On its father's side of the family, Outlaw comes from the British gangster genre,
humorless division. The maternal half traces its lineage back to Death Wish.
Sean Bean stars as a returning war vet with some psychological
problems and a rucksack full of automatic weapons. He finds that the
life he's returned to in Britain is shattered. His wife is involved
with someone else, and the country he fought for is filled with
criminals and street thugs. As time goes on, he hooks up with a
handful of disillusioned men who have been let down by the justice
system. For example, there's a barrister whose wife was killed by a
mob boss he was prosecuting. The prosecutor can't prove the connection to the
mobster in court, so he turns to Bean and his recruits. Bean eventually
teaches his rag-tag army of middle-class wankers to man up, and with
the aid of a sympathetic policeman (Bob Hoskins), they form a Robin
Hood vigilante gang to take on the people who wronged them.
Bean, Danny Dyer, and Hoskins do provide plenty of talent for the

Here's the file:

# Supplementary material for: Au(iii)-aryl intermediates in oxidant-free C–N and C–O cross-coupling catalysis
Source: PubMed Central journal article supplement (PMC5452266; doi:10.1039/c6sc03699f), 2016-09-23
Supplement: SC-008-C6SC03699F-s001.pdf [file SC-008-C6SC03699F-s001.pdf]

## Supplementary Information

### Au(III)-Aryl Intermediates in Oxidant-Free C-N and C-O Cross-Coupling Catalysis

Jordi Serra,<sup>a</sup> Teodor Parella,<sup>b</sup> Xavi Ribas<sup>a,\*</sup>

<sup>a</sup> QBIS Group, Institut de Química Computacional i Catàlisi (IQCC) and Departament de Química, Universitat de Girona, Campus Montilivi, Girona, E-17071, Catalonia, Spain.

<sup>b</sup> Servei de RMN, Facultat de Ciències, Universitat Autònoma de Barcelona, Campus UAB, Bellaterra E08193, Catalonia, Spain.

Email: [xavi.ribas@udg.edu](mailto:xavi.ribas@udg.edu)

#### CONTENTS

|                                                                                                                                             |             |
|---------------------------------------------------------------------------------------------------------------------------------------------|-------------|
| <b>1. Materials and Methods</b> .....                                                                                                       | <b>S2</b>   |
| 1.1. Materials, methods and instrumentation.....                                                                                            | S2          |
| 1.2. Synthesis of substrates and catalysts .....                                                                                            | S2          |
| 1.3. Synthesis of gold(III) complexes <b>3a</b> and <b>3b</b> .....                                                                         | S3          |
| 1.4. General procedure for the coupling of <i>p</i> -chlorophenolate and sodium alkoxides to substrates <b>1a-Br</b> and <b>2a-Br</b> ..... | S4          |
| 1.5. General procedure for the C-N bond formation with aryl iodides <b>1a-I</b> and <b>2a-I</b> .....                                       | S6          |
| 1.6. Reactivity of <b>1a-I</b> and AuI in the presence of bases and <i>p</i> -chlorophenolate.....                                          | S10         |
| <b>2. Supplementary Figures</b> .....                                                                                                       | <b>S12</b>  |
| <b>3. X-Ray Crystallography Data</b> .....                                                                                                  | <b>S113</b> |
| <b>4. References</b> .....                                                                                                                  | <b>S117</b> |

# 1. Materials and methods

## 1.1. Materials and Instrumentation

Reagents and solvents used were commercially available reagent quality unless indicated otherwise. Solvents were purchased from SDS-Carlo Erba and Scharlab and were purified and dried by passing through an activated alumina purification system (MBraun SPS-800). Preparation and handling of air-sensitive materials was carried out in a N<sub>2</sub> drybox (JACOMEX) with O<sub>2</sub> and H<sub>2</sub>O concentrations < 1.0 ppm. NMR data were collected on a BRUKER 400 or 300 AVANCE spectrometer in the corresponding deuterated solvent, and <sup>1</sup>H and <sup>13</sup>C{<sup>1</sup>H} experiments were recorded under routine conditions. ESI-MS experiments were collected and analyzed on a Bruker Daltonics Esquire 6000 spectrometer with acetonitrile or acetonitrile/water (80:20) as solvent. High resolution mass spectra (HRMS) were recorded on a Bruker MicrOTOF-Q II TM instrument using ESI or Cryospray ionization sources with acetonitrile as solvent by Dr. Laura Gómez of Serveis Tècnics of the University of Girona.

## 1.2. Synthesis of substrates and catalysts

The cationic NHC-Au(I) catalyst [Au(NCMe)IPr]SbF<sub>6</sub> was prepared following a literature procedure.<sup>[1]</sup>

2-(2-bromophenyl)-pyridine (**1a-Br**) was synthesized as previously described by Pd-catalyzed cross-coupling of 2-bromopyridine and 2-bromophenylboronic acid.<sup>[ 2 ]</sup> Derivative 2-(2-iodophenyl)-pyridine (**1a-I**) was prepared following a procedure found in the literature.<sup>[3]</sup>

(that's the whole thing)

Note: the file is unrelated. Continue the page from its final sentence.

project but, like Dr. Frankenstein, they should have used their genius
for good instead of evil. The story is trite and fundamentally
unsatisfying. It can be boring and repetitious throughout the
development stages of the story, and the dramatic conclusion doesn't
even provide the usual revenge fantasy catharsis. Every member of the
gang dies except one, and several of their enemies survive, including
the snitch who rats them out and the crooked cop who ends up being the
mastermind behind the mob boss. Because of those developments, Outlaw
plays out like a revenge flick without enough revenge. On the other
hand, the director contends that it is not intended to be a
sensationalized genre film. His commentary says, "People
have to watch it twice. It's a serious film!" So possibly
it is supposed to be a meaningful drama that has been pimped out with
lurid ultra-violence to dramatize the deterioration of social
conditions in England.
On the other hand, he also says, ""I'm really enjoying myself," he
says, "We've been shooting fucking armed robberies, shooting
shoot-outs, shooting fights breaking out in a pub, people getting the
shit kicked out of them in streets."
Whether it is intended to be sensational or thoughtful, it won't
ever find much of an audience. It's too
one-dimensional and visceral for the Ken Loach social realism crowd,
and too ambivalent for the Charles Bronson revenge audience.
I don't know whether the director was trying to make a thoughtful film,
but I do know this much. I will not follow his recommendation to watch